A ‘real possibility’
What does that mean to you? To some people this means a probability of just 20%, but to others it means 80% likely. Author and investor Michael Maubaussan collated perceptions of probabilistic language in a survey. Some phrases, such as a ‘real possibility’ showed a wide range of answers.
So what you might ask? Why does this matter? Well, the danger with ‘faux’ certainty is that it might lead people to believe something is more likely than it actually is. If when asked by your boss, you describe completing the project on time as a ‘real possibility’ other decisions may be made on the basis that it will be delivered on time. The downside is a delay to the project and you are passed over for promotion.
Instead of relying on woolly language like ‘real possibility’ focus on probabilities. What are the chances that the decision will be correct or that the project will be completed on time?
By thinking about things in terms of probabilities we have to think about things from other people’s perspective. It encourages us to think, “Why am I wrong?” instead of “Why am I right?” It encourages us to ask ourselves, “How sure am I?” instead of “Am I sure?”
Former poker champion Annie Duke suggests that you take it one step further and think about decisions in terms of a bet. In most of our decisions, we’re not betting against another person, but rather all the future versions of ourselves that we are not choosing. At stake is that the return to us (happiness, money, time, health) will be greater than what we are giving up by betting against alternative futures.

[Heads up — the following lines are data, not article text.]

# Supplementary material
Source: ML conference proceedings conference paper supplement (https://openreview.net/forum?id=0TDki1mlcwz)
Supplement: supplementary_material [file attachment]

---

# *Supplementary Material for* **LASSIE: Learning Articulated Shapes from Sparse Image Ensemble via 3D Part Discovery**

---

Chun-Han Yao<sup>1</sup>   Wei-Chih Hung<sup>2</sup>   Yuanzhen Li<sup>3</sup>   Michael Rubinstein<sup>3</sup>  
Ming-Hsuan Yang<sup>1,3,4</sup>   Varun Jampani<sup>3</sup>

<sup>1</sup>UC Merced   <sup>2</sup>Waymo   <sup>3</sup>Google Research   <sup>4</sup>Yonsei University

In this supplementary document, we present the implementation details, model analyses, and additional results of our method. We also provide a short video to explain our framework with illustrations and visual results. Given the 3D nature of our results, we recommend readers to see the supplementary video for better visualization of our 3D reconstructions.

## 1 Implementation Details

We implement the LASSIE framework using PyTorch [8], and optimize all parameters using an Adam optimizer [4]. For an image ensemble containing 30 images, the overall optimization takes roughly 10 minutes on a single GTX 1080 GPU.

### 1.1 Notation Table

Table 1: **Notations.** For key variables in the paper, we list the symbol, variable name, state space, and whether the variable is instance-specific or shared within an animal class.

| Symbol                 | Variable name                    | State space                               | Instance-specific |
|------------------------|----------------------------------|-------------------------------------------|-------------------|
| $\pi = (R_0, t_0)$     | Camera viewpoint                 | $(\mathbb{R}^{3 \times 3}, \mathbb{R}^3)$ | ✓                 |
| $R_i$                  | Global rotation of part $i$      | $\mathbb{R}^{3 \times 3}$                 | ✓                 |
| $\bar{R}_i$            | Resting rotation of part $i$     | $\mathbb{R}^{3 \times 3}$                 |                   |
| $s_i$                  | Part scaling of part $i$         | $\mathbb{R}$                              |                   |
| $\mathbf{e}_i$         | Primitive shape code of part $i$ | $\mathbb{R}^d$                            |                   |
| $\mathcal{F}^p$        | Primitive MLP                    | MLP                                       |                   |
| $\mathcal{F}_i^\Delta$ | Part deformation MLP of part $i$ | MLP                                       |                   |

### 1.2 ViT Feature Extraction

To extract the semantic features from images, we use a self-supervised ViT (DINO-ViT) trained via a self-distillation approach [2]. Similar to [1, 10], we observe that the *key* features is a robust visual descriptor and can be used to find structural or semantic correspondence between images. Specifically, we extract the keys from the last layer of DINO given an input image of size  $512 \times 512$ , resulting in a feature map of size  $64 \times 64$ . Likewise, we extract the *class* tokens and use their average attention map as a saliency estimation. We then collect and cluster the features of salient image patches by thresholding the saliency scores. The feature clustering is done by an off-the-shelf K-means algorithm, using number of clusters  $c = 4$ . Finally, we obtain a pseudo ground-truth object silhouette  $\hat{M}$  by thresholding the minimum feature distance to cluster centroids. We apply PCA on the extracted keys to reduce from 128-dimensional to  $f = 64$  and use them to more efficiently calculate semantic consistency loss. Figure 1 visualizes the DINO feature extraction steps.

Of article, in order for your decision making under uncertainty to improve you need feedback. Some events in life give us rapid and frequent feedback on the quality of our decisions (e.g. playing poker for example). Most feedback is infrequent and unclear. By incorporating probability based decision making into your daily life and gradually iterating your assessment as new information presents itself, you can quickly build-up useful feedback into your decision making process.
Life is one long game, and there are going to be a lot of losses, even after making the best possible bets. We are going to do better, and be happier, if we start by recognising that we’ll never be sure of the future.
How you can use thinking in terms of bets to make better decisions
- Practice: Make thinking in terms of bets part of your decision making process. A number of organisations now offer forecasting tournaments in which you can test and work on improving your process.
- Be aware of the pitfalls: There are two forms of uncertainty — hidden information and luck. Your assessment of the chances of a decision being successful or not will almost certainly rely on unknowable information. As the example of bin Laden illustrated, always be clear about the limitations.
Materials Risk is a verified creator on the Brave Rewards platform. If you’d like to support Materials Risk please consider tipping some BAT. You can download the Brave web browser here.